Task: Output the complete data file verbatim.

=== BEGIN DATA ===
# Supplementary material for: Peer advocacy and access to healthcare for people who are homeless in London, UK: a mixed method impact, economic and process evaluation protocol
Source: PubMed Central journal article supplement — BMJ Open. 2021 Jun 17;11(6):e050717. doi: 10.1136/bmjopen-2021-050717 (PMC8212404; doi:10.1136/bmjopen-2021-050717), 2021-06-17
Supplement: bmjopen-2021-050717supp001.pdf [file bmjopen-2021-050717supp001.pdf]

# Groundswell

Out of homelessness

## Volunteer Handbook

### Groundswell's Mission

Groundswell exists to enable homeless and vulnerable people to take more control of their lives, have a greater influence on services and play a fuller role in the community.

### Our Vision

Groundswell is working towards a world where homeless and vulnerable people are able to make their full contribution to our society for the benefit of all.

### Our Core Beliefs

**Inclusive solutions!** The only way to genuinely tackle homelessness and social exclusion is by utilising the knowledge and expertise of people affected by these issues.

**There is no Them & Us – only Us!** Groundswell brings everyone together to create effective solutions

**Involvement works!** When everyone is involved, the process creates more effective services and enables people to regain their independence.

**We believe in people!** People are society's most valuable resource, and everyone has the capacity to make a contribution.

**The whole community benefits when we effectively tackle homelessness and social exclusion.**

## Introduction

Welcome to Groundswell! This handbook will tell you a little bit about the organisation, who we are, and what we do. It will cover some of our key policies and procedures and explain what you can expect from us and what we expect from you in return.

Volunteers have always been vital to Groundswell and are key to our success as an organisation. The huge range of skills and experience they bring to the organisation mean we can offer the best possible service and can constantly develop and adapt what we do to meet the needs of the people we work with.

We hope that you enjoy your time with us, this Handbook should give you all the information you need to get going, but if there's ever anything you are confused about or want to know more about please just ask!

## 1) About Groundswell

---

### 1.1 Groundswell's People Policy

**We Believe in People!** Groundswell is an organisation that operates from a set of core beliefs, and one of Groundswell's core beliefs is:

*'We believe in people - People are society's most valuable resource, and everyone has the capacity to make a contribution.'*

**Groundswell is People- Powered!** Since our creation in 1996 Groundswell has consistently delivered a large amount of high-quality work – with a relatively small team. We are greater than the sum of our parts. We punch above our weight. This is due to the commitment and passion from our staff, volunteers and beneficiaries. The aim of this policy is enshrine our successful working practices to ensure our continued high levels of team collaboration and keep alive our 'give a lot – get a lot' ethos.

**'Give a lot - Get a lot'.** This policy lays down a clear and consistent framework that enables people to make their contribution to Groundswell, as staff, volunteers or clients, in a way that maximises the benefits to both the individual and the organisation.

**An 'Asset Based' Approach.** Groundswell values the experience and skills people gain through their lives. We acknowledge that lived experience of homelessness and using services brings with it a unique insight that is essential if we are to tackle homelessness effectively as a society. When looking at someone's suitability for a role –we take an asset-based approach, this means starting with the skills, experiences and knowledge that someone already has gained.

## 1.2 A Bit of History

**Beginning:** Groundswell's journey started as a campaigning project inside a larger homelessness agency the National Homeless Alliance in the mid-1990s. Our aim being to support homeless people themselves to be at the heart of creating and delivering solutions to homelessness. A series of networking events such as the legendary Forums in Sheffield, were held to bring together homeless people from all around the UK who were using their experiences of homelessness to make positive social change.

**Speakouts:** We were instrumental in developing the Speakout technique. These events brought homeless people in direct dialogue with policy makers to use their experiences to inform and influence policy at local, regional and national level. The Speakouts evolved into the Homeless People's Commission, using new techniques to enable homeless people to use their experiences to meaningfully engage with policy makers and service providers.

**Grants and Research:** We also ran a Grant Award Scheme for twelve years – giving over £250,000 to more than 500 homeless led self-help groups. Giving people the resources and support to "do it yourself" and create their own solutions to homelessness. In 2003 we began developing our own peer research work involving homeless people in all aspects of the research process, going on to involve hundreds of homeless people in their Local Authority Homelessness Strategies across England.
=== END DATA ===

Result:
# Supplementary material for: Peer advocacy and access to healthcare for people who are homeless in London, UK: a mixed method impact, economic and process evaluation protocol
Source: PubMed Central journal article supplement — BMJ Open. 2021 Jun 17;11(6):e050717. doi: 10.1136/bmjopen-2021-050717 (PMC8212404; doi:10.1136/bmjopen-2021-050717), 2021-06-17
Supplement: bmjopen-2021-050717supp001.pdf [file bmjopen-2021-050717supp001.pdf]

# Groundswell

Out of homelessness

## Volunteer Handbook

### Groundswell's Mission

Groundswell exists to enable homeless and vulnerable people to take more control of their lives, have a greater influence on services and play a fuller role in the community.

### Our Vision

Groundswell is working towards a world where homeless and vulnerable people are able to make their full contribution to our society for the benefit of all.

### Our Core Beliefs

**Inclusive solutions!** The only way to genuinely tackle homelessness and social exclusion is by utilising the knowledge and expertise of people affected by these issues.

**There is no Them & Us – only Us!** Groundswell brings everyone together to create effective solutions

**Involvement works!** When everyone is involved, the process creates more effective services and enables people to regain their independence.

**We believe in people!** People are society's most valuable resource, and everyone has the capacity to make a contribution.

**The whole community benefits when we effectively tackle homelessness and social exclusion.**

## Introduction

Welcome to Groundswell! This handbook will tell you a little bit about the organisation, who we are, and what we do. It will cover some of our key policies and procedures and explain what you can expect from us and what we expect from you in return.

Volunteers have always been vital to Groundswell and are key to our success as an organisation. The huge range of skills and experience they bring to the organisation mean we can offer the best possible service and can constantly develop and adapt what we do to meet the needs of the people we work with.

We hope that you enjoy your time with us, this Handbook should give you all the information you need to get going, but if there's ever anything you are confused about or want to know more about please just ask!

## 1) About Groundswell

---

### 1.1 Groundswell's People Policy

**We Believe in People!** Groundswell is an organisation that operates from a set of core beliefs, and one of Groundswell's core beliefs is:

*'We believe in people - People are society's most valuable resource, and everyone has the capacity to make a contribution.'*

**Groundswell is People- Powered!** Since our creation in 1996 Groundswell has consistently delivered a large amount of high-quality work – with a relatively small team. We are greater than the sum of our parts. We punch above our weight. This is due to the commitment and passion from our staff, volunteers and beneficiaries. The aim of this policy is enshrine our successful working practices to ensure our continued high levels of team collaboration and keep alive our 'give a lot – get a lot' ethos.

**'Give a lot - Get a lot'.** This policy lays down a clear and consistent framework that enables people to make their contribution to Groundswell, as staff, volunteers or clients, in a way that maximises the benefits to both the individual and the organisation.

**An 'Asset Based' Approach.** Groundswell values the experience and skills people gain through their lives. We acknowledge that lived experience of homelessness and using services brings with it a unique insight that is essential if we are to tackle homelessness effectively as a society. When looking at someone's suitability for a role –we take an asset-based approach, this means starting with the skills, experiences and knowledge that someone already has gained.

## 1.2 A Bit of History

**Beginning:** Groundswell's journey started as a campaigning project inside a larger homelessness agency the National Homeless Alliance in the mid-1990s. Our aim being to support homeless people themselves to be at the heart of creating and delivering solutions to homelessness. A series of networking events such as the legendary Forums in Sheffield, were held to bring together homeless people from all around the UK who were using their experiences of homelessness to make positive social change.

**Speakouts:** We were instrumental in developing the Speakout technique. These events brought homeless people in direct dialogue with policy makers to use their experiences to inform and influence policy at local, regional and national level. The Speakouts evolved into the Homeless People's Commission, using new techniques to enable homeless people to use their experiences to meaningfully engage with policy makers and service providers.

**Grants and Research:** We also ran a Grant Award Scheme for twelve years – giving over £250,000 to more than 500 homeless led self-help groups. Giving people the resources and support to "do it yourself" and create their own solutions to homelessness. In 2003 we began developing our own peer research work involving homeless people in all aspects of the research process, going on to involve hundreds of homeless people in their Local Authority Homelessness Strategies across England.